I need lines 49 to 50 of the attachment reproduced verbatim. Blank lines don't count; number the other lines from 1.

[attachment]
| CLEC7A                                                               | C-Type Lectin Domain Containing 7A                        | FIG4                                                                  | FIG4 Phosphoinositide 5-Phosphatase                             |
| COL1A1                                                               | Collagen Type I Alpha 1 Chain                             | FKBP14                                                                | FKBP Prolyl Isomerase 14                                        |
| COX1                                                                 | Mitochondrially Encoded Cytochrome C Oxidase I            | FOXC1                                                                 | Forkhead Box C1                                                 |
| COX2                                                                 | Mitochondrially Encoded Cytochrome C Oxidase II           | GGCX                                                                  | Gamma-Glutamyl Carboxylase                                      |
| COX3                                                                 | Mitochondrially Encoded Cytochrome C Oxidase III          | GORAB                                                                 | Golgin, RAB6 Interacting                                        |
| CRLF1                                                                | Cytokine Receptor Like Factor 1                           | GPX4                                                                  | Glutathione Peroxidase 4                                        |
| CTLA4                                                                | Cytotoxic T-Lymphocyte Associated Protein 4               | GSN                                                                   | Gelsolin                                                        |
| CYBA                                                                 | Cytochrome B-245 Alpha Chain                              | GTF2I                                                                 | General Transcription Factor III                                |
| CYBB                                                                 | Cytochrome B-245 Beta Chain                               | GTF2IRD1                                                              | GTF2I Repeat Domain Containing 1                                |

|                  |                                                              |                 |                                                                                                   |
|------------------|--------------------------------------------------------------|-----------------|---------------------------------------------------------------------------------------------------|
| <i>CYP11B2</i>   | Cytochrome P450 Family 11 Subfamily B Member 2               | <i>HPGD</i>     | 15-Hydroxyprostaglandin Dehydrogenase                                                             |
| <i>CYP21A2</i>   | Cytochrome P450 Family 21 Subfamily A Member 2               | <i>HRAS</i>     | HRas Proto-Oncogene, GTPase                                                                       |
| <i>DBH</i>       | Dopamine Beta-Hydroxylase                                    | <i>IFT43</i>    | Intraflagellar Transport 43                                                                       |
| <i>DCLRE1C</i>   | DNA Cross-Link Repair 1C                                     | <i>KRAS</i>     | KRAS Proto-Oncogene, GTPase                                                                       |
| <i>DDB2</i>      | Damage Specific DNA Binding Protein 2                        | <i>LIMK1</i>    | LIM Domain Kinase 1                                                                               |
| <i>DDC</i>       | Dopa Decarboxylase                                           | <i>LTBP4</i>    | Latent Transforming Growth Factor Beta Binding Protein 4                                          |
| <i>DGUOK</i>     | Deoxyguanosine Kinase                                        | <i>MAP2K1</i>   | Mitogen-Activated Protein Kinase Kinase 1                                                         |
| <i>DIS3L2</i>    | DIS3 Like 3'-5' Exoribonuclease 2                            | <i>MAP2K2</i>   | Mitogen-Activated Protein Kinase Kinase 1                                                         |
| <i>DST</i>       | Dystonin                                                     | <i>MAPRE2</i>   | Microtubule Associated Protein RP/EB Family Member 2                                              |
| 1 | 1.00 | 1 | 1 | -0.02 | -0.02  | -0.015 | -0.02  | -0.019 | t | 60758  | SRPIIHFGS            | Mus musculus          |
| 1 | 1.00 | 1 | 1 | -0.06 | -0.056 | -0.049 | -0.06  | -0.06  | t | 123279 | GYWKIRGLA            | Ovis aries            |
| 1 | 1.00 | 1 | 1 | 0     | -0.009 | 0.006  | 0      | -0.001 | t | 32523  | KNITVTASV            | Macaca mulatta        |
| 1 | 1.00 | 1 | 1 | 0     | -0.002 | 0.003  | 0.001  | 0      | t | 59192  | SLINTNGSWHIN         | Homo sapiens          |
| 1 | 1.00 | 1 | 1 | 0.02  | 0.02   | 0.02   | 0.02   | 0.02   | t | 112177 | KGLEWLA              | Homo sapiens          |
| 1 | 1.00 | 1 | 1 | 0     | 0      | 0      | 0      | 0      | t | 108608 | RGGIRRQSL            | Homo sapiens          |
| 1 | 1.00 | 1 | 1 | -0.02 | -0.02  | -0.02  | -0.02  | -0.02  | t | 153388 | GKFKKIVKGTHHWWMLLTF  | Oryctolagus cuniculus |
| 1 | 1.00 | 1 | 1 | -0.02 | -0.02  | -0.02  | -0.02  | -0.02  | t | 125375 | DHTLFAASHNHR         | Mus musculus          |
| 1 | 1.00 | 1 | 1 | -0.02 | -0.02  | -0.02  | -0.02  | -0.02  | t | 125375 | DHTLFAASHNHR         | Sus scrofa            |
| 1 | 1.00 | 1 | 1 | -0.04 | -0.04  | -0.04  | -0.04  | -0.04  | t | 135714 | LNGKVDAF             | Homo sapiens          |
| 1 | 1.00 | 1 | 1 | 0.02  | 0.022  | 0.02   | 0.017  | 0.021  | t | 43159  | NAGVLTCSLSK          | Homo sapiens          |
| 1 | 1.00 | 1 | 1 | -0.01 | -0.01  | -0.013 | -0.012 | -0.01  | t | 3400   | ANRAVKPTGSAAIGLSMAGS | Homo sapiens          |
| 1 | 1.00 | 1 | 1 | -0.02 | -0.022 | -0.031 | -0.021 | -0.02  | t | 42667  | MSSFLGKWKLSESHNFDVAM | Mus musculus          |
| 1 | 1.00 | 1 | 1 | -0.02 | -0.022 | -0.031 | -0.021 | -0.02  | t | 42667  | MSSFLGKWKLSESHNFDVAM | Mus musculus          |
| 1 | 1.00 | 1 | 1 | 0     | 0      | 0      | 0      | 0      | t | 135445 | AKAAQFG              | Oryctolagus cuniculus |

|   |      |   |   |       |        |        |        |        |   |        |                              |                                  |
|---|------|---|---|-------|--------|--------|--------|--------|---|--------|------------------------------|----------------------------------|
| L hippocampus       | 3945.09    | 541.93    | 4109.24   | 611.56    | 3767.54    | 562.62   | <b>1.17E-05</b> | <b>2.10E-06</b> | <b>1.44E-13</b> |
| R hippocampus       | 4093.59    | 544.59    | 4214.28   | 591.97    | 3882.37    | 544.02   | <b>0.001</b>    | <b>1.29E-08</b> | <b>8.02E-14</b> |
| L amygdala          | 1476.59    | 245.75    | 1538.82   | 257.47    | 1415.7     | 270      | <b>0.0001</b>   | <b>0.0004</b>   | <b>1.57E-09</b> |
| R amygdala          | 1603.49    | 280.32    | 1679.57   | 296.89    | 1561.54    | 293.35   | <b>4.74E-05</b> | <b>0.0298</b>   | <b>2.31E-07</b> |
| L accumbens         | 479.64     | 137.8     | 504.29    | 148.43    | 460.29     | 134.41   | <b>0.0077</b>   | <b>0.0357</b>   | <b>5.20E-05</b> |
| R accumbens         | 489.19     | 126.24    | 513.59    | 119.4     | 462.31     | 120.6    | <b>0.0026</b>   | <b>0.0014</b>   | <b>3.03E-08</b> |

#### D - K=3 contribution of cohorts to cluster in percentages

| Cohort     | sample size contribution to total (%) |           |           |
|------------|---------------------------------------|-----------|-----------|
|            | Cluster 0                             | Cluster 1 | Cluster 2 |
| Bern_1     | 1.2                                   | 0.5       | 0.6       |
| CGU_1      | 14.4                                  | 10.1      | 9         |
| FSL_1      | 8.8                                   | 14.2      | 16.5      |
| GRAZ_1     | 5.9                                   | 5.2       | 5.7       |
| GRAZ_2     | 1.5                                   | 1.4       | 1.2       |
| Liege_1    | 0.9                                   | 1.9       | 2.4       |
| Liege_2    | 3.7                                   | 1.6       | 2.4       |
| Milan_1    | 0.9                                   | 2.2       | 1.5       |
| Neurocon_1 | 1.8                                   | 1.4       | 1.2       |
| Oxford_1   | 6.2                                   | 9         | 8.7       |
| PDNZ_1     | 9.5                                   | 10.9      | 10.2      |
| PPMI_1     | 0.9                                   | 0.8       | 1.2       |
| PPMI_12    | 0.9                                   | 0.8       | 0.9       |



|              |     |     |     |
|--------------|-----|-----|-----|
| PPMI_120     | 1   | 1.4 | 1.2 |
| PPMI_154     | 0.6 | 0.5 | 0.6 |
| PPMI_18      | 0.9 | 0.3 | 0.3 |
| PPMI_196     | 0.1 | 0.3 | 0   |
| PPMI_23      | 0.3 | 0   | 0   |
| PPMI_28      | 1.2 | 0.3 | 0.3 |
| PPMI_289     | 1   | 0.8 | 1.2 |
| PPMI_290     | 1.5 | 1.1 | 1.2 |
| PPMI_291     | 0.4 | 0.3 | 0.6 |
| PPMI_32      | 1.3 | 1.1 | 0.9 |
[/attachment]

| CGU_1      | 14.4                                  | 10.1      | 9         |
| FSL_1      | 8.8                                   | 14.2      | 16.5      |